Along with Vizio and LG, Toshiba is the only other TV maker selling a passive 3D TV in 2011. That model, the TL515U series reviewed here, performs basically the same with 3D material as its LG doppelganger, and in short we like the image produced by active 3D TVs better. Meanwhile the Toshiba's 2D picture quality, which is much more important in our book, didn't quite match that of the LG or the better LED-based LCDs in our tests, due mainly to its overactive backlight. Given that the two are very similar in price--the LG is even a bit less expensive at press time--it's tough to recommend the Toshiba TL515U series to people who want passive 3D or the best 2D performance from an edge-lit LED TV.
Included 3D glasses
The biggest market advantage of passive 3D is inexpensive glasses. Toshiba packs four pairs in with the TL515U, and while it doesn't sell extras individually as of press time, you can opt for the 10-strong "party pack" ($60). Compatible circular polarized glasses are also available from online merchants, and if you swipe a pair of passive 3D glasses from your local theater, they should work too.
The squared-off, angular TL515U is understated yet sleek. The TV has a subtle two-tone finish on its medium-width bezel, with a glossy strip of black that offsets the matte, textured finish of the rest of the frame. The sides of the frame are made of chrome strips angled so they can catch reflections to either side--which might be distracting in some rooms.
The stand pedestal has an angle pointing at the viewer, which allows the panel to swivel and sits above a glass-topped base.
Edge-on, the edge-lit Toshiba measures 1.4 inches deep.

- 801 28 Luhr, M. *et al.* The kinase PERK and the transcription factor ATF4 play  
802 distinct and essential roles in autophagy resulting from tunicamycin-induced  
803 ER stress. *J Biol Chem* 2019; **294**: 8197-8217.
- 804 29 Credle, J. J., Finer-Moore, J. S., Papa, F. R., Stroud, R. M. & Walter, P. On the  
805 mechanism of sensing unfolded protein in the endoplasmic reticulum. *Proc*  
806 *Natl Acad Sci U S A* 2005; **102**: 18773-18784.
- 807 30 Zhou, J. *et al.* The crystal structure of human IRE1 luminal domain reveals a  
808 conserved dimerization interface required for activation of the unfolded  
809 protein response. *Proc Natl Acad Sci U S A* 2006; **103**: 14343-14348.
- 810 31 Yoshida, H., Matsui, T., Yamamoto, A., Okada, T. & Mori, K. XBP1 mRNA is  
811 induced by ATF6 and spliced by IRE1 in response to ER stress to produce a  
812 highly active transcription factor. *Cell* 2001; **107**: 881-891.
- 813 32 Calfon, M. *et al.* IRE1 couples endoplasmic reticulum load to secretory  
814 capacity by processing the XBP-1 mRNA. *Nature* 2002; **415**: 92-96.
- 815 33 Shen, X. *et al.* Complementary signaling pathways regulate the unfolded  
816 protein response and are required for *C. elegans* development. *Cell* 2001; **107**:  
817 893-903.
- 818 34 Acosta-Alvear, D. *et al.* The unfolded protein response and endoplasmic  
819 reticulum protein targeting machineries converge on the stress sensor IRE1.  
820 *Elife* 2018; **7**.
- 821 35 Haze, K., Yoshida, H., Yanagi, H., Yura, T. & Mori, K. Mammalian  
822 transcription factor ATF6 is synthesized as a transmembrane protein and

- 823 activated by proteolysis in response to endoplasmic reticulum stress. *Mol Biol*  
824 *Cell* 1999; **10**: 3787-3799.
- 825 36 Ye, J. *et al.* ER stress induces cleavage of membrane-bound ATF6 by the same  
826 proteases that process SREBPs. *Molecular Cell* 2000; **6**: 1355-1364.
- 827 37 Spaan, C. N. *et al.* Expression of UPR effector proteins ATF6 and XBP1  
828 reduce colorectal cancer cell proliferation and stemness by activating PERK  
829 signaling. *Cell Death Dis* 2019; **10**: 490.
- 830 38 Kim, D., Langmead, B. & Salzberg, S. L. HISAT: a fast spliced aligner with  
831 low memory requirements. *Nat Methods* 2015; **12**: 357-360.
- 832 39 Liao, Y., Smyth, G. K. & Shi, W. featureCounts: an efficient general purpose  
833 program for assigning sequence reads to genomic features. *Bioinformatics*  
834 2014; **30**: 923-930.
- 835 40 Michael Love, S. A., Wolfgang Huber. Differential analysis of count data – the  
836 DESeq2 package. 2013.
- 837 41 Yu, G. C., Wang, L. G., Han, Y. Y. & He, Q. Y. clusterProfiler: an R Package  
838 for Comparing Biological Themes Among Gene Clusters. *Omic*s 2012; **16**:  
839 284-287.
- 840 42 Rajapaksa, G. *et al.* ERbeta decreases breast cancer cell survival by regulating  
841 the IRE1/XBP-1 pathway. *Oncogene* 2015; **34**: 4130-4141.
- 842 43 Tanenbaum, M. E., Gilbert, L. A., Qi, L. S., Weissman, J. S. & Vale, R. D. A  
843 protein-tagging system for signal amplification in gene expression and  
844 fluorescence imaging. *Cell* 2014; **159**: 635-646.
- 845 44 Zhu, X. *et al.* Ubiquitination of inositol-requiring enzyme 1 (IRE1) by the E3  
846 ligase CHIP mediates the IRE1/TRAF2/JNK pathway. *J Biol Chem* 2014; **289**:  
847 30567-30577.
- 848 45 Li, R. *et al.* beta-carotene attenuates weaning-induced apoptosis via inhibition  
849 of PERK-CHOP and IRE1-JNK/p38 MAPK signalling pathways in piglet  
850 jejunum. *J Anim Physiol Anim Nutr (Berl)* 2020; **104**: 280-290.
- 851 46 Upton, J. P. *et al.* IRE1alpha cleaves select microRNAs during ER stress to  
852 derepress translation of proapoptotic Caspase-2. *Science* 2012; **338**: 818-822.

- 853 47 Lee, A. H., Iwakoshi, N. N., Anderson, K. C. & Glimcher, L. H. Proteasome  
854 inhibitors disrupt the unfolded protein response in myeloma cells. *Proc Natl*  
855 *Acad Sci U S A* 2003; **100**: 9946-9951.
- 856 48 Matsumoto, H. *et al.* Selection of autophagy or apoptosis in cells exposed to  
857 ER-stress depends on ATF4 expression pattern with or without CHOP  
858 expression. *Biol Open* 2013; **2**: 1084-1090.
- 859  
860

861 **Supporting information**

Four HDMI inputs should be plenty for most systems, and we appreciate the large icons.
You'll need to use breakout cables of you want to connect composite or component-video devices.
Toshiba's clicker is not our favorite. Its buttons are too numerous, packed together and similar, while their angled transparent faces distort the already-small labels beneath, making them even more difficult to read. Worst of all, the keys around the central cursor group emit a loud click at every press--the only thing that could possibly make using an onscreen keyboard more annoying. On the plus side, nearly every key is clearly illuminated, making it one of the better in-the-dark wands, and it can control three other pieces of AV gear via infrared, either directly or via pass-through.
A dedicated Netflix button calls up the streaming service directly.
Net TV home page
The main streaming interface is called Net TV, and hitting the corresponding remote button shows all seven choices at once via an easy-to-grok semicircle with nice big icons--although we didn't appreciate the somewhat sluggish progression from one to the next.
Unlike some other TVs the TL515U lacks a dedicated app store, but the presence of umpteen near-useless (and a few nearly useful) Yahoo Widgets should soften the blow. Among the latter class is Facebook, Twitter, and eBay along with the usual weather, sports and news. Among the former are 12 games and 37 local TV stations' widgets--with no easy way to sort through them to find one that might represent your locality.
Hitting the menu button brings up an attractive two-tiered arch of icons, but the many settings choices quickly become confusing. Submenus are plagued by too much nesting, zero in-menu explanations, and confusing labels.
Advanced picture settings
Nothing major goes missing here. While there is a CMS, labeled ColorMaster, it caused more problems than it fixed, so we didn't use it.
2-point grayscale adjustment
The Toshiba lacks the 10-point grayscale and fine dejudder adjustments of LG and Samsung.
The numerous nested setup menus can become confusing.
A shortcut labeled "Applications" leads to many of the TV's miscellaneous functions.
The Toshiba was a good performer overall, although a couple of flaws prevented it from standing among the best edge-lit LED-based LCDs we've tested. It's capable of deep black levels in dark scenes, but its overly active backlight spoiled those blacks as scenes changed in brightness. Color fidelity also fell short of the better sets. On the other hand blooming was minimal, uniformity solid and video processing better than average. 3D picture quality was, as we saw on the other passive TVs we've reviewed, inferior to active in key ways, but should still be appealing to less discerning eyes (and people who want to save money on a family's worth of glasses).